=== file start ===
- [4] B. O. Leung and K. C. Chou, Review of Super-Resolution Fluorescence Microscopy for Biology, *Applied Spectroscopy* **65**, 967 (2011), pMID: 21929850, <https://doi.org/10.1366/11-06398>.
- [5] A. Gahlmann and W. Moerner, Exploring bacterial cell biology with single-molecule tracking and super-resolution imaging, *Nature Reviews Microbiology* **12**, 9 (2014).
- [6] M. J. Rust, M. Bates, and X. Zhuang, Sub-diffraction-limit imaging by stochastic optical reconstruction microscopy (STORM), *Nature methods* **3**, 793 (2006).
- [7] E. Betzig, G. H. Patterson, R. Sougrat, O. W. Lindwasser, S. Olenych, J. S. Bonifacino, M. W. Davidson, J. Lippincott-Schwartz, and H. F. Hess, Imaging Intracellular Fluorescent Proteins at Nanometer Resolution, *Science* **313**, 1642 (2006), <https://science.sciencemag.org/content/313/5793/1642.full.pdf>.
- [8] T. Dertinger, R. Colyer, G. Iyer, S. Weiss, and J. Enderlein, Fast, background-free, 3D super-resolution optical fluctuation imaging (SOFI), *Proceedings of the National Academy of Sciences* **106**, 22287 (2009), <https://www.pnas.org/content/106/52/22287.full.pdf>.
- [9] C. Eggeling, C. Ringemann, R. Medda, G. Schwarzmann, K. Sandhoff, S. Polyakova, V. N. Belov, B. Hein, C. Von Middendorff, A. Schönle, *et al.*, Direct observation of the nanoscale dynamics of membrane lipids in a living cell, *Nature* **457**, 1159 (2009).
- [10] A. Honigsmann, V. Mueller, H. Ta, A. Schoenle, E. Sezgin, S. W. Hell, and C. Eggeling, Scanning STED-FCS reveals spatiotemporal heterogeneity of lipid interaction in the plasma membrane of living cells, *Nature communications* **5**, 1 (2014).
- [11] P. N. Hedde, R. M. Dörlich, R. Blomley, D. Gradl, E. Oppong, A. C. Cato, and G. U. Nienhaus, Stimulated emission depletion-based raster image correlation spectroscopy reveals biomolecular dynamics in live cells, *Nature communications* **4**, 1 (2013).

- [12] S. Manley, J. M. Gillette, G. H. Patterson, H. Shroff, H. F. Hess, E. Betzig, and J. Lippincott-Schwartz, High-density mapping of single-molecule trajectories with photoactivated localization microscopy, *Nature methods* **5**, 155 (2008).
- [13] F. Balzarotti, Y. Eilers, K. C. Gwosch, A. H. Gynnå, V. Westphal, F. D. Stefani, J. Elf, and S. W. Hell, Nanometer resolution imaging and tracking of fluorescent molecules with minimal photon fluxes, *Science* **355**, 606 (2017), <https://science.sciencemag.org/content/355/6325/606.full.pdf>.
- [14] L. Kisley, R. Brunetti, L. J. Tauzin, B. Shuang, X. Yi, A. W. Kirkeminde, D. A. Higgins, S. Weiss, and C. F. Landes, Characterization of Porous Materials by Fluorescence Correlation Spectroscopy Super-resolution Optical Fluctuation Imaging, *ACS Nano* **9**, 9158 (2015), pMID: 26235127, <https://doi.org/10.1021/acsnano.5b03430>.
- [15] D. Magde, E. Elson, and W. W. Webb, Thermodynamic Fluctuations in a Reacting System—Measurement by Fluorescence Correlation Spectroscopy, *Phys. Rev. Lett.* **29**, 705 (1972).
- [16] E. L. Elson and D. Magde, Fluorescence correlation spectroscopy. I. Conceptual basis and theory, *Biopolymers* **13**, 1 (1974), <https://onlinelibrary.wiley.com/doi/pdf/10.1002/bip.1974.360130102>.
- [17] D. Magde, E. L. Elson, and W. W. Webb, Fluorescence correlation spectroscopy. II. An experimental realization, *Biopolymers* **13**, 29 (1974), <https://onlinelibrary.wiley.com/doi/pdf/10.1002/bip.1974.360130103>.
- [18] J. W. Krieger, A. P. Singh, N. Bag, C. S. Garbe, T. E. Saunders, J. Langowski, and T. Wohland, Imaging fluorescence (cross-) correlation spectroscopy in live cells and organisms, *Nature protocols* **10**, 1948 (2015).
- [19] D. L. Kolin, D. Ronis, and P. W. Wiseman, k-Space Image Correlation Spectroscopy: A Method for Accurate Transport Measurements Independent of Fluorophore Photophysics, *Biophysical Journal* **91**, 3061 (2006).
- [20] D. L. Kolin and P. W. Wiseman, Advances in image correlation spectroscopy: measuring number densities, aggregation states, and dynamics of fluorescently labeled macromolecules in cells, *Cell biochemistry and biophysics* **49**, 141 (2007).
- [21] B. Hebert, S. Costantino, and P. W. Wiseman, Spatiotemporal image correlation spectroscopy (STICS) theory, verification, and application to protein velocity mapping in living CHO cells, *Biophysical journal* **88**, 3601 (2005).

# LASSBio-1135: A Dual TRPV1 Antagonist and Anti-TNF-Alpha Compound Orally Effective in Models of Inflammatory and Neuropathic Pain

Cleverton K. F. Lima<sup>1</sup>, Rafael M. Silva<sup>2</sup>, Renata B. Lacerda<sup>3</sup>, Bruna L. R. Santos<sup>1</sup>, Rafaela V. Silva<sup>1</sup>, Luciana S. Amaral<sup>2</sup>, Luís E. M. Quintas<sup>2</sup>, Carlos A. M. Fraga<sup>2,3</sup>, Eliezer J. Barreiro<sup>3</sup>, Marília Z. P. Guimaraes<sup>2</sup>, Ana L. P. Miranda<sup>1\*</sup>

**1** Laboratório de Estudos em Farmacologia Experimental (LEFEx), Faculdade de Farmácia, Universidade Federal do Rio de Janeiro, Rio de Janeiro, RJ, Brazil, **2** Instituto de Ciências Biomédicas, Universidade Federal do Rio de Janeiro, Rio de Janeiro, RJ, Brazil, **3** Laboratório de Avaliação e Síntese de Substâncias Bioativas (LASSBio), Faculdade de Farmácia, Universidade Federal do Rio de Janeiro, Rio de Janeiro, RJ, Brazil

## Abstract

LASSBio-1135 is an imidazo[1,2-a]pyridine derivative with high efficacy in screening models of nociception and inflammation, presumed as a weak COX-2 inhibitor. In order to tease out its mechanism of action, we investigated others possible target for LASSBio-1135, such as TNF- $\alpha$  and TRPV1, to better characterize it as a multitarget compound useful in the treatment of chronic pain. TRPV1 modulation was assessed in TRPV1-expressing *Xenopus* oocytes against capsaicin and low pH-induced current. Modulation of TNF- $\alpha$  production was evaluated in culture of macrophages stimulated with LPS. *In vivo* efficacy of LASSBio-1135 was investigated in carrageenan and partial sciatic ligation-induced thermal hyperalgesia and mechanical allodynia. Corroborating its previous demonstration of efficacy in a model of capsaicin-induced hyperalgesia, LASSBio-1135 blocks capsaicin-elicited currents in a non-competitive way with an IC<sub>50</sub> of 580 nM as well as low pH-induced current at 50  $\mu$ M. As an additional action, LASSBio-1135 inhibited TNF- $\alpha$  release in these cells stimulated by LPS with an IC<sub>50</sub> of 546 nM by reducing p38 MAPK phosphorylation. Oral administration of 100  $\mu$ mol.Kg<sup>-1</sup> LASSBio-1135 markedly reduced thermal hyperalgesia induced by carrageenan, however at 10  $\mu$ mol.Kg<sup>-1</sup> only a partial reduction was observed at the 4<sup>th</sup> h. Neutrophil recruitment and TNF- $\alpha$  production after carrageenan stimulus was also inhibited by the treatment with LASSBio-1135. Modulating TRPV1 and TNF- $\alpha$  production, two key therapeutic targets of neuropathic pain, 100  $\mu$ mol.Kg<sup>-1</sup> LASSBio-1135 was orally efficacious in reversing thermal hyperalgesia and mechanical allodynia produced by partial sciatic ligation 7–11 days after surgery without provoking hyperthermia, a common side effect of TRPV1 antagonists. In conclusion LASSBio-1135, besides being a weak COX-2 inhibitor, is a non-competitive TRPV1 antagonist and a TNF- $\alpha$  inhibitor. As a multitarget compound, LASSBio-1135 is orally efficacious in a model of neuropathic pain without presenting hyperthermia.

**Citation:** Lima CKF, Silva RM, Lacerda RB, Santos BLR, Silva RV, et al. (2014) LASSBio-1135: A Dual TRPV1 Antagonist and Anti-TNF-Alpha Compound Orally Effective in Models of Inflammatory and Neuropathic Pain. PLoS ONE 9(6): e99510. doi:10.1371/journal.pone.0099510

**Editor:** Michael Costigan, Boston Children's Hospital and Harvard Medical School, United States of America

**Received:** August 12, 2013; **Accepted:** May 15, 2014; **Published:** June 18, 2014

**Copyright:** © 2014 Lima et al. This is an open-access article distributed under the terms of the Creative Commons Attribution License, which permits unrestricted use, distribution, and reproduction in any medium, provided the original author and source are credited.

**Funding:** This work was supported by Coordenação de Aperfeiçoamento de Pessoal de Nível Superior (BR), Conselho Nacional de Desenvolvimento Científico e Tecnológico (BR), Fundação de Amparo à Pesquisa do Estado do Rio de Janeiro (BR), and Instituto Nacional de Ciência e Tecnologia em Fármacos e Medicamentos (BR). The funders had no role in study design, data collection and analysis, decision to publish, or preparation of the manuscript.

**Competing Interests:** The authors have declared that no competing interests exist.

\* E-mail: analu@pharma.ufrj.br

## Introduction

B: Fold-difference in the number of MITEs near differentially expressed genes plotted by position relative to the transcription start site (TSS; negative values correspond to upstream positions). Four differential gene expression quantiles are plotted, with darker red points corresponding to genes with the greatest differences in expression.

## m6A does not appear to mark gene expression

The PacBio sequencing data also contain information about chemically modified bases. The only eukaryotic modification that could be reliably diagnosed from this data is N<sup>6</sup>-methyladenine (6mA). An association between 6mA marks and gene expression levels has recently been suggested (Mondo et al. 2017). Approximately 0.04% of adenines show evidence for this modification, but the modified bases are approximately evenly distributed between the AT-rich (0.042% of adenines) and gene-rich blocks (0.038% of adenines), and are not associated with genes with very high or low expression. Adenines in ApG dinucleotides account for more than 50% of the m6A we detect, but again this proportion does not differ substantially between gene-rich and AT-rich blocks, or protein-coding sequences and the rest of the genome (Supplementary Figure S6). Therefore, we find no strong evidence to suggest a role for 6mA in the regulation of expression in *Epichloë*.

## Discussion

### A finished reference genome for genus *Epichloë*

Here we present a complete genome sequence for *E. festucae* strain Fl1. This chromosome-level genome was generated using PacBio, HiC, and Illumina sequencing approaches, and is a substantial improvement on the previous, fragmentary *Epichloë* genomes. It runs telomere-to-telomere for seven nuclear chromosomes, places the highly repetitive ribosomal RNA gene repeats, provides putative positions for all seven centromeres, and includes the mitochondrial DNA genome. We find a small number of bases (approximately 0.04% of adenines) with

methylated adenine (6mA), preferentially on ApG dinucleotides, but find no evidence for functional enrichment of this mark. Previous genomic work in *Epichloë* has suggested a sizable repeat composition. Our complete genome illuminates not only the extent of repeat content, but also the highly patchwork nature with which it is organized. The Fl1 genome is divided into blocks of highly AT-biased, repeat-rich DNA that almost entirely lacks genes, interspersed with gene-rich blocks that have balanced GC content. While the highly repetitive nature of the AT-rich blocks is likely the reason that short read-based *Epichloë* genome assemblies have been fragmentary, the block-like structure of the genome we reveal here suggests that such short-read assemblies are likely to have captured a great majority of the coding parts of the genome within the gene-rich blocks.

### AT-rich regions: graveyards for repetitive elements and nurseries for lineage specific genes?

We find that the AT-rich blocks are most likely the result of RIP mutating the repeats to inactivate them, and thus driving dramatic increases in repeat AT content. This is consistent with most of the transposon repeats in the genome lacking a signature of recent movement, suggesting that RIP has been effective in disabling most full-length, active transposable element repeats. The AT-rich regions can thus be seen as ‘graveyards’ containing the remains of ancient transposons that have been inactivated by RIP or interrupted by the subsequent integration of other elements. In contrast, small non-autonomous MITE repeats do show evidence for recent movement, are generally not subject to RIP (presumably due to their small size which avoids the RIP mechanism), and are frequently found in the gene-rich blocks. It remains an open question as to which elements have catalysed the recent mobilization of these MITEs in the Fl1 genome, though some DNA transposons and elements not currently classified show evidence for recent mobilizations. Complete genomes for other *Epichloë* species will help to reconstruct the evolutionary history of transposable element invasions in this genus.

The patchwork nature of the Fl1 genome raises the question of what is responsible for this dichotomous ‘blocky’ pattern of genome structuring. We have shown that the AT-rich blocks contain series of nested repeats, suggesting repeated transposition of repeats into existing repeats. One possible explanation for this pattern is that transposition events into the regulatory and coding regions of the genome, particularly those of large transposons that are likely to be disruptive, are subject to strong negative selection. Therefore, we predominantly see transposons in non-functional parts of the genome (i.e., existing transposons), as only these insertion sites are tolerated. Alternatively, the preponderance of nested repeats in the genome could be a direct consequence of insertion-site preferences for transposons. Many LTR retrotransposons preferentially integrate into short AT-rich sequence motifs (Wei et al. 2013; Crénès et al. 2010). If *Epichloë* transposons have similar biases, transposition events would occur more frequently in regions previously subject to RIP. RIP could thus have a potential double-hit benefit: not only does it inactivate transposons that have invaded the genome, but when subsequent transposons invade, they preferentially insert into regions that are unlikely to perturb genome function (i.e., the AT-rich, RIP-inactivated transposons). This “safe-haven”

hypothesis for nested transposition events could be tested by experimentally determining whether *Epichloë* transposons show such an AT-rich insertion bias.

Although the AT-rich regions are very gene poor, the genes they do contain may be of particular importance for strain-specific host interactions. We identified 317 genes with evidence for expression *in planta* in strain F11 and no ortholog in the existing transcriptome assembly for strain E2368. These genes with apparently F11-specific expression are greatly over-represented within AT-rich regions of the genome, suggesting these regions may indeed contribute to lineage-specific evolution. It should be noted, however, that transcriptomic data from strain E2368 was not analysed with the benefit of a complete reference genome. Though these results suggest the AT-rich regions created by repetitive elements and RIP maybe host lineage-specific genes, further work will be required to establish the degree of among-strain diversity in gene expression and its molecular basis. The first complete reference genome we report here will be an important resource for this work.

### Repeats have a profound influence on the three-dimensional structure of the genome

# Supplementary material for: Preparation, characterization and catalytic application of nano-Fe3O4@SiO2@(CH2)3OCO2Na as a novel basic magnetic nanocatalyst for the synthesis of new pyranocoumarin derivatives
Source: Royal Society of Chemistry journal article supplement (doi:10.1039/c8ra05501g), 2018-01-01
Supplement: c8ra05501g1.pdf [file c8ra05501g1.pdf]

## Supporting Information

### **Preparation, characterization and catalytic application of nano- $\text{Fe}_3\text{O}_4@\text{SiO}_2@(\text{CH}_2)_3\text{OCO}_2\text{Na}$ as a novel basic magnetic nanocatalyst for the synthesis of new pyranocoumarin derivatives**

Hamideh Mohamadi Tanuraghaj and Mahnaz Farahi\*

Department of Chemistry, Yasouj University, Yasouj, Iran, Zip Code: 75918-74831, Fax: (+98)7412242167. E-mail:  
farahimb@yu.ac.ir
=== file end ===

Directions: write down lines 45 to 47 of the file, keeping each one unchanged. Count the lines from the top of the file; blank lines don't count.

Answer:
# Supplementary material for: Preparation, characterization and catalytic application of nano-Fe3O4@SiO2@(CH2)3OCO2Na as a novel basic magnetic nanocatalyst for the synthesis of new pyranocoumarin derivatives
Source: Royal Society of Chemistry journal article supplement (doi:10.1039/c8ra05501g), 2018-01-01
Supplement: c8ra05501g1.pdf [file c8ra05501g1.pdf]